The report notes that “[a]iring their grievances in direct language normally expressed in whispers, the speakers criticized the king’s wealth, his influence and the fact that he spends almost all his time in Germany, not Thailand.”** Arnon Nampa told the students: “We shouldn’t have to speak using symbols. Direct discussion is best. That’s what I think, so I choose to speak directly, out of respect to my own dignity, to that of the listeners and of the monarchy…”.

Demands were made:

… The rally ended with another leader, Panusaya Sithijirawattanakul, reading out a manifesto with a list of 10 demands for reforming the institution of the monarchy.

Among them were separation of the king’s personal wealth from the royal palace’s vast fortune held by the Crown Property Bureau; forbidding the monarchy from playing any role in politics or endorsing any military coups; abolishing the excessive glorification of the monarchy; and investigating the deaths of critics of the monarchy.

Reflecting on the trepidation of people like Cod, the AP report observes: “Such open defiance of the taboos around speaking ill of the monarchy will infuriate ultra-conservatives and the military, who are unlikely to let it go without a response.” All the more so when activists announced that “a new protest would be held on Wednesday — the Queen Mother’s birthday…”. The king is likely to be in town as well.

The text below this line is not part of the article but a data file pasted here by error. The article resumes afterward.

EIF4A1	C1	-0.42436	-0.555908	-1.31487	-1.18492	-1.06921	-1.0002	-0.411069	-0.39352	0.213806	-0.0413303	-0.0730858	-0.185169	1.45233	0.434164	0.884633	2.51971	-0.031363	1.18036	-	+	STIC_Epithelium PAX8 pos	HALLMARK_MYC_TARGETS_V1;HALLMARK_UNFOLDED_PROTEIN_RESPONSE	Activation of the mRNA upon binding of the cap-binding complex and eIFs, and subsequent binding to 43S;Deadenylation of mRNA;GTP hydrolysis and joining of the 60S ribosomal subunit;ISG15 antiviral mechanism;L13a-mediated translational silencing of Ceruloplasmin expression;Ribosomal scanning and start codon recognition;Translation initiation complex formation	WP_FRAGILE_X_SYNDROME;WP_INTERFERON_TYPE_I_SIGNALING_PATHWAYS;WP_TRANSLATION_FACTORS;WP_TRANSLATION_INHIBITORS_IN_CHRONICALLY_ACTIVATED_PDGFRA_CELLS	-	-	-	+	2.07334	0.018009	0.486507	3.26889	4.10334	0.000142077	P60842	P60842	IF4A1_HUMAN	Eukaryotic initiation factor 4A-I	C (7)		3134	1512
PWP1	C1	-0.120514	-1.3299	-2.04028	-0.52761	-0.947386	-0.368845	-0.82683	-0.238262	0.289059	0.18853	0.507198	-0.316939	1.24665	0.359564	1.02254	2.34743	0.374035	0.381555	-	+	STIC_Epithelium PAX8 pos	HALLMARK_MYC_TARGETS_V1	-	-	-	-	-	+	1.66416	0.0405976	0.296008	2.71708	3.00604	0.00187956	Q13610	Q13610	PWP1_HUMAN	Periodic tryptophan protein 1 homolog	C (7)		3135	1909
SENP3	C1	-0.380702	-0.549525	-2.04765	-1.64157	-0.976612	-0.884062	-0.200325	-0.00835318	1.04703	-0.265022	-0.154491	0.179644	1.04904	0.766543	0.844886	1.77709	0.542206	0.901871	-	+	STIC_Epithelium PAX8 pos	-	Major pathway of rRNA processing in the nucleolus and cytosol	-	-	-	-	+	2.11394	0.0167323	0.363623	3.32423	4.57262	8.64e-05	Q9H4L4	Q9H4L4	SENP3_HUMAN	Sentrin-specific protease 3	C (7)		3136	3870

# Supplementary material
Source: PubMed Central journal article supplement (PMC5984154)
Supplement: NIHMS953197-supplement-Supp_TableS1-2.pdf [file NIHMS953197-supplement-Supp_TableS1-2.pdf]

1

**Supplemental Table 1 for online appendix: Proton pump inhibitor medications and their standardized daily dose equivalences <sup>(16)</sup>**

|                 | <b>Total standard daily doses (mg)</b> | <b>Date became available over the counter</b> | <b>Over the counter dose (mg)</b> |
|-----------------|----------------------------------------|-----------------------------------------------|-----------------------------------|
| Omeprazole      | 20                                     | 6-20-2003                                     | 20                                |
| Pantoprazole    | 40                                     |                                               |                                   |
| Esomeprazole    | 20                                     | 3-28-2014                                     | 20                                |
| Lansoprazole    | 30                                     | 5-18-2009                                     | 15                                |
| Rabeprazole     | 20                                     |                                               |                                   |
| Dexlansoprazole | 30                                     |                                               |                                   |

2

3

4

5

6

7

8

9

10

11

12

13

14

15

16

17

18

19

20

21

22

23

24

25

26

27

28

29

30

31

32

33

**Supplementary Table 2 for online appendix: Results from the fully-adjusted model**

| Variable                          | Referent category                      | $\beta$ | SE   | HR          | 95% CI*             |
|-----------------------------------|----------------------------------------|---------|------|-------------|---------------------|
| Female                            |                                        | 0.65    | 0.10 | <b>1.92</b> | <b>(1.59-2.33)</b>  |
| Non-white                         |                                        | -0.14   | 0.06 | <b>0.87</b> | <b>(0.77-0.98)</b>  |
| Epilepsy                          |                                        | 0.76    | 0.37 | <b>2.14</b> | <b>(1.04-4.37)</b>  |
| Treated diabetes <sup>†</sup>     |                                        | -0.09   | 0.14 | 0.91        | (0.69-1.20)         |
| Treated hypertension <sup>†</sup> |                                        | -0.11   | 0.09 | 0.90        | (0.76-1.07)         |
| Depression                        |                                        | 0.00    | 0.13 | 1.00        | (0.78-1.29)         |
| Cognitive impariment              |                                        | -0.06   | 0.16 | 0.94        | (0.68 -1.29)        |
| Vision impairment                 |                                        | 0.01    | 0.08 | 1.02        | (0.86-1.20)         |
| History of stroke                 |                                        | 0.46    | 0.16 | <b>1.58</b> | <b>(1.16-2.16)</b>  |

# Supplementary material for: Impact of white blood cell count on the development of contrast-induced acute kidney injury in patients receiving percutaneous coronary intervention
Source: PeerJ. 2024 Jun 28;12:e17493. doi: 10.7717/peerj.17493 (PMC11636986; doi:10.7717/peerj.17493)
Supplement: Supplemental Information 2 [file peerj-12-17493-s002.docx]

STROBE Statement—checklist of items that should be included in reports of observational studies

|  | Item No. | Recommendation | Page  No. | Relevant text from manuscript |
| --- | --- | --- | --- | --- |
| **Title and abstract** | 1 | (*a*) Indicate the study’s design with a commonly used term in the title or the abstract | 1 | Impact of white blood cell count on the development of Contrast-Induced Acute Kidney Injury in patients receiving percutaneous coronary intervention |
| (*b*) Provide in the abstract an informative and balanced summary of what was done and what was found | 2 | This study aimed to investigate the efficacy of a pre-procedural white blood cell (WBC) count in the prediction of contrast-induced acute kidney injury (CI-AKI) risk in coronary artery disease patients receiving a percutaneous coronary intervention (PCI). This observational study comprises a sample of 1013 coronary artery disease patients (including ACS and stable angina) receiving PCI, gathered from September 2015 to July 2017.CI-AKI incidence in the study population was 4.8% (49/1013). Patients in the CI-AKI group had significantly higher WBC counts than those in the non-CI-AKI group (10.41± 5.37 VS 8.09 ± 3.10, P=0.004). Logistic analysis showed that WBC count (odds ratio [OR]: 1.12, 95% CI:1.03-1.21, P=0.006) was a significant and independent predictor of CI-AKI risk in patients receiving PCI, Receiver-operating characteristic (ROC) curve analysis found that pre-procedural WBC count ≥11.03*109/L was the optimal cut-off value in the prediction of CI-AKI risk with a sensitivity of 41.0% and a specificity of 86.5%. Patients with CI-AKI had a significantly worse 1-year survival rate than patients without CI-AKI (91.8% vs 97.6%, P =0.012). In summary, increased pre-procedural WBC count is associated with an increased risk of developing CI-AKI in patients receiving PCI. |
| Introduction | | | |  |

*Royalist terms for monarchy and, sometimes, the monarchy.

**The king is scheduled to return to Thailand tonight, for another visit of just a few hours.

Update: The rally planned for today (Wednesday) has been postponed. The special king’s TG taxpayer flight is due in Bangkok just before 8 am today. His daughter, Sirivannavari, has arrived after a delayed TG flight (scheduled as a repatriation flight) from Frankfurt; it hasn’t just been the king and queen swanning about in Europe.





Military, palace, regime and repression

6 06 2020

With the enforced disappearance of military and monarchy critic Wanchalerm Satsaksit, it seems appropriate to post, in full, a recent story from The Economist. It seems to PPT that the “disappearance” of the activist probably has much to do with the palace, the military and the regime in Bangkok wanting to silence criticism:

Voice of treason
The Thai government tries new ways to curb online critics
But the critics are feeling emboldened, too